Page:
It stuck and bothered her that so much of it all was about foreigners imposing their will on Cambodia, on her. It wasn’t 1990 any longer. Educated, experienced, qualified Cambodians who knew the culture and the needs were everywhere. Yet the foreigners were still doing their thing in Cambodia as if Cambodia was theirs to practice on. And on that point the mercenaries of the 80’s, the UN and the aid workers of the 90’s, the Western development workers, followed by the onslaught of Taiwanese and Korean corporate investors of 2000 and beyond were all virtually indistinguishable from each other. (p.120)
Maxima Enterprises corporate donation or American-traveler-turned-social-entrepreneur Trevor’s new outfit are all continuations of entrenched power dynamics in new forms and with fancier websites.

‘I’m not sure it’s been worth it’
What I like about HAT in particular is that J. adds important nuances to questions around aid worker well-being, career planning and basically ‘a life in aid work’.
We have started to discuss the burn-out, drinking and unstable relationship side of the issue more openly, but Frank and Patty’s life stories raise interesting questions about long-term planning: Frank owns an expat bar together with his Cambodian wife Miew and wants to retire near beaches and calmness and Patty, WAC’s country director, reflects on her ‘life in limbo’:
The years that led her to this moment suddenly seemed to run together in a monotonous blur, like two decades of groundhog day. The past twenty-plus years had been a succession of decisions made—in retrospect—almost casually, somehow with tacit underlying beliefs that next time things would turn around or that next year she’d make a change. And for the first time it occurred to Patty to ask herself if it had all been worth it. (p.130)
The tiredness is almost palpable by the end and from a literary perspective adds nicely to J.’s non-fiction writing and blogging.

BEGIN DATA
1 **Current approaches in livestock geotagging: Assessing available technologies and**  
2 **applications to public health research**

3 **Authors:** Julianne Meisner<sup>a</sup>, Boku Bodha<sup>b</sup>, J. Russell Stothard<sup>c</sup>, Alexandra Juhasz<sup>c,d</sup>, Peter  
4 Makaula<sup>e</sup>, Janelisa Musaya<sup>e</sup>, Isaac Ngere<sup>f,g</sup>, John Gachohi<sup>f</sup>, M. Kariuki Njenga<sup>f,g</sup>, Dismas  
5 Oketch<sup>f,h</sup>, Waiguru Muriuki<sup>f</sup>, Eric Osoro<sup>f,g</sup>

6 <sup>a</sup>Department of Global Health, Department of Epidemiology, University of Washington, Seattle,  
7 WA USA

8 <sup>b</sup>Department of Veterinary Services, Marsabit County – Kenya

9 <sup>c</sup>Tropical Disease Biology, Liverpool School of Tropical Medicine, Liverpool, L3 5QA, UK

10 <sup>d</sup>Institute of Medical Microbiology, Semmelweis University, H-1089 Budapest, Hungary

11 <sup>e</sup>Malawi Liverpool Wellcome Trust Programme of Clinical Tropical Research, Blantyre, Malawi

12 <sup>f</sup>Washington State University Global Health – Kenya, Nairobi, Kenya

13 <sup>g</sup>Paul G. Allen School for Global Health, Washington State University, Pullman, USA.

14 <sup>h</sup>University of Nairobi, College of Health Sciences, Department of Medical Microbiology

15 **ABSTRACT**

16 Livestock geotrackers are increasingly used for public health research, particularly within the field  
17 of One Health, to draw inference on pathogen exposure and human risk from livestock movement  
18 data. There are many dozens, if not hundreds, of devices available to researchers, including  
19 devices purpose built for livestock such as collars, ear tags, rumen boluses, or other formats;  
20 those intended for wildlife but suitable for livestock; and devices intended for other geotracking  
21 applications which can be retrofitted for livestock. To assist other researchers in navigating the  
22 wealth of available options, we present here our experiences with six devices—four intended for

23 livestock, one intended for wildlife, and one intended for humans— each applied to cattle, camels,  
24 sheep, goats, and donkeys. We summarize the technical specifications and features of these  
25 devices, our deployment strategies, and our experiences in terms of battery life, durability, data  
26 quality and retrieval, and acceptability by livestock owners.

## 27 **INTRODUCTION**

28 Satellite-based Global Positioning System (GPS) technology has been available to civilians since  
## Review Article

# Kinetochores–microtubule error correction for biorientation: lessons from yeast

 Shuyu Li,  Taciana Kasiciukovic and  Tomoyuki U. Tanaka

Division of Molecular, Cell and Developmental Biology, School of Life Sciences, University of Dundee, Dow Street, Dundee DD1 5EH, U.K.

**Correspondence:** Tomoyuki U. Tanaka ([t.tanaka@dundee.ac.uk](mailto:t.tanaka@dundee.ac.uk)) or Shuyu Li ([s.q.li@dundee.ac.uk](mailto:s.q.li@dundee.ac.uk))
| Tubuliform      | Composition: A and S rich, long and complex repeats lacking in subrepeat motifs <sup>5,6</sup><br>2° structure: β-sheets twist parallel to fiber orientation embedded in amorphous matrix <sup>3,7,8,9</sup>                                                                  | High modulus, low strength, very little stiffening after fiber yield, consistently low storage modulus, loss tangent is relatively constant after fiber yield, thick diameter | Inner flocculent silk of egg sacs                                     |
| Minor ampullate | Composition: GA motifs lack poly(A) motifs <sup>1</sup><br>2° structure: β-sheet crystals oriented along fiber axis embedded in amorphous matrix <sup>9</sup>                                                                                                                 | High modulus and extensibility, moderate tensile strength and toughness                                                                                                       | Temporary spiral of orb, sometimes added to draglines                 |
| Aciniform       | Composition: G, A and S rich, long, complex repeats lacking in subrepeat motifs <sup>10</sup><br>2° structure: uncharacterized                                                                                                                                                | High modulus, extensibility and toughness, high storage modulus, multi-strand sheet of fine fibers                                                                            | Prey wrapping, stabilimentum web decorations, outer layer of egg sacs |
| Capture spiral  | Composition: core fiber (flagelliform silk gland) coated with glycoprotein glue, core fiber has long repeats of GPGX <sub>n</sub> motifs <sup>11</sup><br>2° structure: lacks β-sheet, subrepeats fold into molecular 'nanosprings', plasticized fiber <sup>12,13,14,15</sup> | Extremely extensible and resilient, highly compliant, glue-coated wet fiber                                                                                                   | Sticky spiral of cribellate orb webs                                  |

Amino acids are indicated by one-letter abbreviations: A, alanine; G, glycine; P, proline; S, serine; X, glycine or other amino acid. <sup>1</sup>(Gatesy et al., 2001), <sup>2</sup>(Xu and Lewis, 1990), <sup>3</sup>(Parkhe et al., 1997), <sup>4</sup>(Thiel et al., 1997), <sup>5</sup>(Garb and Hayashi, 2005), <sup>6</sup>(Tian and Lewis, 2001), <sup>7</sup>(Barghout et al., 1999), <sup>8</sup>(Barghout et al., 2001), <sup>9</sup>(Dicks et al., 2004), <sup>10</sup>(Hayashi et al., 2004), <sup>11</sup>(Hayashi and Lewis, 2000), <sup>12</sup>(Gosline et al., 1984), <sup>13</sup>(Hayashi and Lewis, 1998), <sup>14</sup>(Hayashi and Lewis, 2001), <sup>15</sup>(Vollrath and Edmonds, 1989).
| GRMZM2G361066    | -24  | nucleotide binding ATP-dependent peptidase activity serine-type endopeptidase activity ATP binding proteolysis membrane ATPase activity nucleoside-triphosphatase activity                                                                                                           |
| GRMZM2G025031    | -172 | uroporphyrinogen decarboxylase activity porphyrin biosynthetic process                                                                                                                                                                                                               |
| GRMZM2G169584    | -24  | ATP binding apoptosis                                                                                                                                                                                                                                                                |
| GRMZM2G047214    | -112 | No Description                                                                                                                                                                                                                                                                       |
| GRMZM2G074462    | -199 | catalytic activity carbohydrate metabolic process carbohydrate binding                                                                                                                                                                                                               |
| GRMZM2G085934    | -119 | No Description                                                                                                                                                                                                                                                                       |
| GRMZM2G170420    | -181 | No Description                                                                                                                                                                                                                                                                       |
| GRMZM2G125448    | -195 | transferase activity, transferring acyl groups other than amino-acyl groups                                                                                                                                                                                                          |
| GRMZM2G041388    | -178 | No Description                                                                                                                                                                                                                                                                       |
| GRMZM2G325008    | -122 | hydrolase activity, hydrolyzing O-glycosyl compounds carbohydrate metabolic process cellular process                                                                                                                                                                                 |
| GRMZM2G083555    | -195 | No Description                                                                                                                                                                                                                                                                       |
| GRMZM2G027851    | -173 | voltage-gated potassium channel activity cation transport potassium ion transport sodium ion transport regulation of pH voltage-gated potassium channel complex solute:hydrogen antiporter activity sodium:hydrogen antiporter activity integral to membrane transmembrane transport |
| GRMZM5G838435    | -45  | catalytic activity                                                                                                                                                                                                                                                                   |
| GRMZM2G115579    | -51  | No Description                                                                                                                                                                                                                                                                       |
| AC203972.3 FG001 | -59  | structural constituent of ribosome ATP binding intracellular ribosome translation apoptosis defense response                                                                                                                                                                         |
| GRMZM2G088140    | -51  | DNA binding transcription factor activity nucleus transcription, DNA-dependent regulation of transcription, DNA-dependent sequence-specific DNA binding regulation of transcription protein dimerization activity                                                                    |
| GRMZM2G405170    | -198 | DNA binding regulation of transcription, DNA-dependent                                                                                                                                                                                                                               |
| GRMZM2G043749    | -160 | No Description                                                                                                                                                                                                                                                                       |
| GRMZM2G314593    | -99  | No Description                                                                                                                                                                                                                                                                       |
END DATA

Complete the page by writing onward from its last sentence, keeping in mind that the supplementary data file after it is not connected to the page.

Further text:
‘Every aid maid for herself’ Patty toasts at one point, but in reality the ‘honor among thieves’ takes its toll as Patty reflects on her exit strategy:
She could consult, take the jobs she wanted without being permanently tethered to a particular organization’s worldview or structural idiosyncrasies. And when she needed a break from the lunacy, the pretentious self-righteous, the intellectual incest, the penchant for endlessly reinventing the same tired concepts in new jargon-laden buzzphrases...(p.299)
Mary-Anne’s life takes more of a backseat in substantial parts of the book and quite fitting for the context there is no happy ending and just a vague hinting at a new gig in Syria.

I find it difficult to judge whether the third novel is J’s ‘best’ so far. It is less aid romance and focused on Mary-Anne’s love and work life, but I find it the strongest contribution to the emerging and growing ‘learning about aid through literary representations’ genre-an important feature that other reviewers seem to share as well.

As with the previous installments, I can recommend J’s book highly to students, educators, ordinary citizens and aid experts alike. Honor Among Thieves offers plenty of food for thought and discussion – excellent aid edutainment for the 21st century!


J.: Honor Among Thieves.
ISBN 978-0-9893659-7-0 (paperback), 275 pages, USD 5.62 (Kindle) & 8.95 (paperback), Evil Genius Publishing, 2015.

Full disclosure: J. kindly asked me to be one of the blogging ‘beta readers’ and provided me with a free copy of the ebook